I think it would have been valuable to have entrepreneurial experience. It gives you an additional dose of empathy, especially now, with all the firing, cutting, and so on. I also believe that with this kind of experience, one can offer genuine advice.

Being a VC has made me appreciate the luck component and the right timing more. A lot of people told me that investments are not something you can control — with teams breaking up, fraud, market downturns. But I think you need to learn it yourself.

The biggest lesson for me so far has been to understand the power law effects on returns and to have the discipline to act on that. Ultimately, the money is made on two to three top deals in each fund, so you need to swing for the fences rather than look for safe bets. Even though they might seem appealing.

PM
: What has been the most challenging aspect of your job, so far?

JB:
It’s saying no, especially to your portfolio companies that are struggling. You become emotionally attached to those you back — you want to give them every chance of success, but at some point, it’s not sensible to give a company another lifeline. It’s a bit easier if you run a fair process and tell them why you won’t invest, but it’s hard nevertheless.

PM:
And on the bright side — what has been the most rewarding part?

JB:
Oh, it’s definitely celebrating the victories. I guess being able to help people achieve their goals and playing a small part in that makes venture capital so rewarding. I’ve seen several success stories over the course of my brief VC career — just after I’ve joined, we invested in Syft and I joined their board as an observer. This was literally my first week at PROfounders.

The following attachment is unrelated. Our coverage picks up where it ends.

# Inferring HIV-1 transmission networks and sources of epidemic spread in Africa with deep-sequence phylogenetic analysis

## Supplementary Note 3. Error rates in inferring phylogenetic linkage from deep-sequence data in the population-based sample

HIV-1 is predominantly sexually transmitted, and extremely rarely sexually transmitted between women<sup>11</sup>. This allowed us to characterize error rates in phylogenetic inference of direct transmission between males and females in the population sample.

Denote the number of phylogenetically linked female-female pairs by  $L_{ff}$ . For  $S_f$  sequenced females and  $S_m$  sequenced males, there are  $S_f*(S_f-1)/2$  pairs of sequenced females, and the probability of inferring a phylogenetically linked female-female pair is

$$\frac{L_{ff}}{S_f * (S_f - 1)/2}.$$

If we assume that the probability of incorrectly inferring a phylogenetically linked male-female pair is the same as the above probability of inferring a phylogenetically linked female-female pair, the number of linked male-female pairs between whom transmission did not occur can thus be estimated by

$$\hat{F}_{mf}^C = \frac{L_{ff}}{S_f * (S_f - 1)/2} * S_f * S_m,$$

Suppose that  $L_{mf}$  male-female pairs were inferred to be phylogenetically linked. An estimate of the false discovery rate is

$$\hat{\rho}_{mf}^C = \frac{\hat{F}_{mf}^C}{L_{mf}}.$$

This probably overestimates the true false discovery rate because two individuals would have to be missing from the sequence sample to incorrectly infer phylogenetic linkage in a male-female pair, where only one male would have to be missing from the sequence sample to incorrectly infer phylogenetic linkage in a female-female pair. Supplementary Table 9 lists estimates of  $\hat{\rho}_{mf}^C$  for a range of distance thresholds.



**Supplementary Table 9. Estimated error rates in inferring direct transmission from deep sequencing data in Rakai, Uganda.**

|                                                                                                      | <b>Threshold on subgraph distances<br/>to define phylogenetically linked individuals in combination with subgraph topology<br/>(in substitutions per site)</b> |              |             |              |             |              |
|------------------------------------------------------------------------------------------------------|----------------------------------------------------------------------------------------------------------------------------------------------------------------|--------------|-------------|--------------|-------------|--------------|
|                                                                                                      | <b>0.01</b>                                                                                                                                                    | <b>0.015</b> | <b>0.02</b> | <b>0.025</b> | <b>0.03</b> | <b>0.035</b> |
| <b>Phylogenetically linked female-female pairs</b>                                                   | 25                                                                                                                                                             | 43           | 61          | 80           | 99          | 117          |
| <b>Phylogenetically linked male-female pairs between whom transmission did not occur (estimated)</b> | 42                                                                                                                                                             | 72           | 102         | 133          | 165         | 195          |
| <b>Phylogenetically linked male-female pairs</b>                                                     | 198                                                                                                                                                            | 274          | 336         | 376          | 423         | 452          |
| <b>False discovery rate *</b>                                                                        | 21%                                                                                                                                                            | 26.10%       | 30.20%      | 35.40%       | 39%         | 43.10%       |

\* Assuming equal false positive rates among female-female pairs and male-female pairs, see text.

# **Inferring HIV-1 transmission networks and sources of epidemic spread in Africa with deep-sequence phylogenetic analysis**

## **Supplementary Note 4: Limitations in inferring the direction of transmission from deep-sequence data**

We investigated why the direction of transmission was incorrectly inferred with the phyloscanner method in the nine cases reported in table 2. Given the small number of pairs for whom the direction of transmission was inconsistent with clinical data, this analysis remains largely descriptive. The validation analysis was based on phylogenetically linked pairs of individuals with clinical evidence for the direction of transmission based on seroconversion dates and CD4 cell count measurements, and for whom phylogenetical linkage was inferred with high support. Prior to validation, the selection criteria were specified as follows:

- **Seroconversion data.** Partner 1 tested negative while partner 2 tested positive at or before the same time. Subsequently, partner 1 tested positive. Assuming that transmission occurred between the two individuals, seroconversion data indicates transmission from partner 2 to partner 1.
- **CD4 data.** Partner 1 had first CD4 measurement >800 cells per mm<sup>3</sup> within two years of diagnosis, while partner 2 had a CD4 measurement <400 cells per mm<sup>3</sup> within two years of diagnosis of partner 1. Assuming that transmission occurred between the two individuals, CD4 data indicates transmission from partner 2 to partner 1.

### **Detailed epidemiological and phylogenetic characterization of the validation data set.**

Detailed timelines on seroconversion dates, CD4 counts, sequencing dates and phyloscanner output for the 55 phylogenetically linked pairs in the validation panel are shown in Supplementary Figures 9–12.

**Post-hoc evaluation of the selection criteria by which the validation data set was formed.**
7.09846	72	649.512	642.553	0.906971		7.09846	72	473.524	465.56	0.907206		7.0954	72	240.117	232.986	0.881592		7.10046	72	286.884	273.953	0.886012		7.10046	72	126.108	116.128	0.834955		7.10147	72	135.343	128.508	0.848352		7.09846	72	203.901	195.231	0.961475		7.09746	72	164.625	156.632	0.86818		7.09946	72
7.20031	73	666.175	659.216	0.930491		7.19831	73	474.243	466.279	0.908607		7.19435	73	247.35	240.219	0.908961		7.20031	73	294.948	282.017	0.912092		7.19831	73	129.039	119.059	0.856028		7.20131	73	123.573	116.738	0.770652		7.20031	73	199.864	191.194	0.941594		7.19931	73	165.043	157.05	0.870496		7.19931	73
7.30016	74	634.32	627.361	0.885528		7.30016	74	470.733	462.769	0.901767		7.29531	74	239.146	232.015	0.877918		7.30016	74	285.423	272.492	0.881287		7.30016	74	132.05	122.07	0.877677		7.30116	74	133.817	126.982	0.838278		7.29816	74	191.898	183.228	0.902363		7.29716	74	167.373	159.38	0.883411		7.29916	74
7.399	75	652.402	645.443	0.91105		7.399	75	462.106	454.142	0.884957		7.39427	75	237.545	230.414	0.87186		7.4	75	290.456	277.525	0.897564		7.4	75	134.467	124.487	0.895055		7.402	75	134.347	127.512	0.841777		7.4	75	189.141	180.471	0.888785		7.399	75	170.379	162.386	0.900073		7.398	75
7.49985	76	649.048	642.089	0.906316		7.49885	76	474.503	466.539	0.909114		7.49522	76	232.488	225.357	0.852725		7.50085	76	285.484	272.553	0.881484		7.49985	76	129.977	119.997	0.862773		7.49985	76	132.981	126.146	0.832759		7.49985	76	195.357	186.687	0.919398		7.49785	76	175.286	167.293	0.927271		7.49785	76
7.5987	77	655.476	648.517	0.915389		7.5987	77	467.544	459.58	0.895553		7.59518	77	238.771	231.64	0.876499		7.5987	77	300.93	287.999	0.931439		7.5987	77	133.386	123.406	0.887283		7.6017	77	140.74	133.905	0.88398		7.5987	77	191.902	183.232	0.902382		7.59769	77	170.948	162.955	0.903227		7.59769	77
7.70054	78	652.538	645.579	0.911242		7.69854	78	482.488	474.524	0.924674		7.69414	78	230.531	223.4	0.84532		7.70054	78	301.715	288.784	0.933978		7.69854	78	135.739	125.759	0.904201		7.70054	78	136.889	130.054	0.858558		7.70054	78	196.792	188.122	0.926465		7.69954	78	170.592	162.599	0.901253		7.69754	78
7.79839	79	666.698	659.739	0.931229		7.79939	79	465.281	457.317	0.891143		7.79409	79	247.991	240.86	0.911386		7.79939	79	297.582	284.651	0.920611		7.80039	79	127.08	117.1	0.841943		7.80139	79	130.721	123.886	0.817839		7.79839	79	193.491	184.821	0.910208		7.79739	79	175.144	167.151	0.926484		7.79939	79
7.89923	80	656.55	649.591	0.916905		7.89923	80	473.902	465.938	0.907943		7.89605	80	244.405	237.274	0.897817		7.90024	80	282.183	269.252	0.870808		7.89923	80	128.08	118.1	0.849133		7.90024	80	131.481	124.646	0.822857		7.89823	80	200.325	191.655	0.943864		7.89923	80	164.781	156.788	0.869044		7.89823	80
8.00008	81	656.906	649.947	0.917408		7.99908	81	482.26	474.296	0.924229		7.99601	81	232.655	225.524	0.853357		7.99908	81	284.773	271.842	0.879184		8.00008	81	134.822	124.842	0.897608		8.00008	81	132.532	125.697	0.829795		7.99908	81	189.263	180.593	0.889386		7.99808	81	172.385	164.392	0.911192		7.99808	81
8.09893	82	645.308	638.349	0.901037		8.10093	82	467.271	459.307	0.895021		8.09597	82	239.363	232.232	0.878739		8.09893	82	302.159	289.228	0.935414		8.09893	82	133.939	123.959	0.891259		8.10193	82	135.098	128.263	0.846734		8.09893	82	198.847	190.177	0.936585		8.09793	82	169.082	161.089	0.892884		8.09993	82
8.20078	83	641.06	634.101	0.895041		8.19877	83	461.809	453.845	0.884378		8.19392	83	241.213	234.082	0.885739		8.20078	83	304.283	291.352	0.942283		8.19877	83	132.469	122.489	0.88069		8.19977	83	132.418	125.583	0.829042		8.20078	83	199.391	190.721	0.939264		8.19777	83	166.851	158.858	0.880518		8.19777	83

I’m going into this board meeting, expecting a grand boardroom with old wise guys in suits and instead, I end up sitting in a rather naked small room with just four of us huddled around a laptop. It creates very different people dynamics. I was able to play a small role supporting the team on how they were presenting their metrics to next round investors which helped them secure a Series A a year later. We exited to Indeed.com with a good result in a short period of time.

PM:
How do you know a good VC from a bad one?

JB:
The interaction between the board members is key to assess if somebody is good or not. I observe how active they are during meetings. Is he on the phone all the time? Is she reading the board materials? A lot of funds advertise their value add but are not following through with it.

The current market environment will be a huge test for a lot of VCs. Everyone tends to look like a hero in the bull market. People have been rewarded for investing as much as possible. We’ve been much more cautious and selective over the past few years which at times seemed like a mistake. We only do about four deals a year and try to work very closely with the ones we do. But now it is looking like that strategy is paying off as we don’t have a massive portfolio to help manage through the crisis and we have plenty of firepower to find opportunities coming out of this.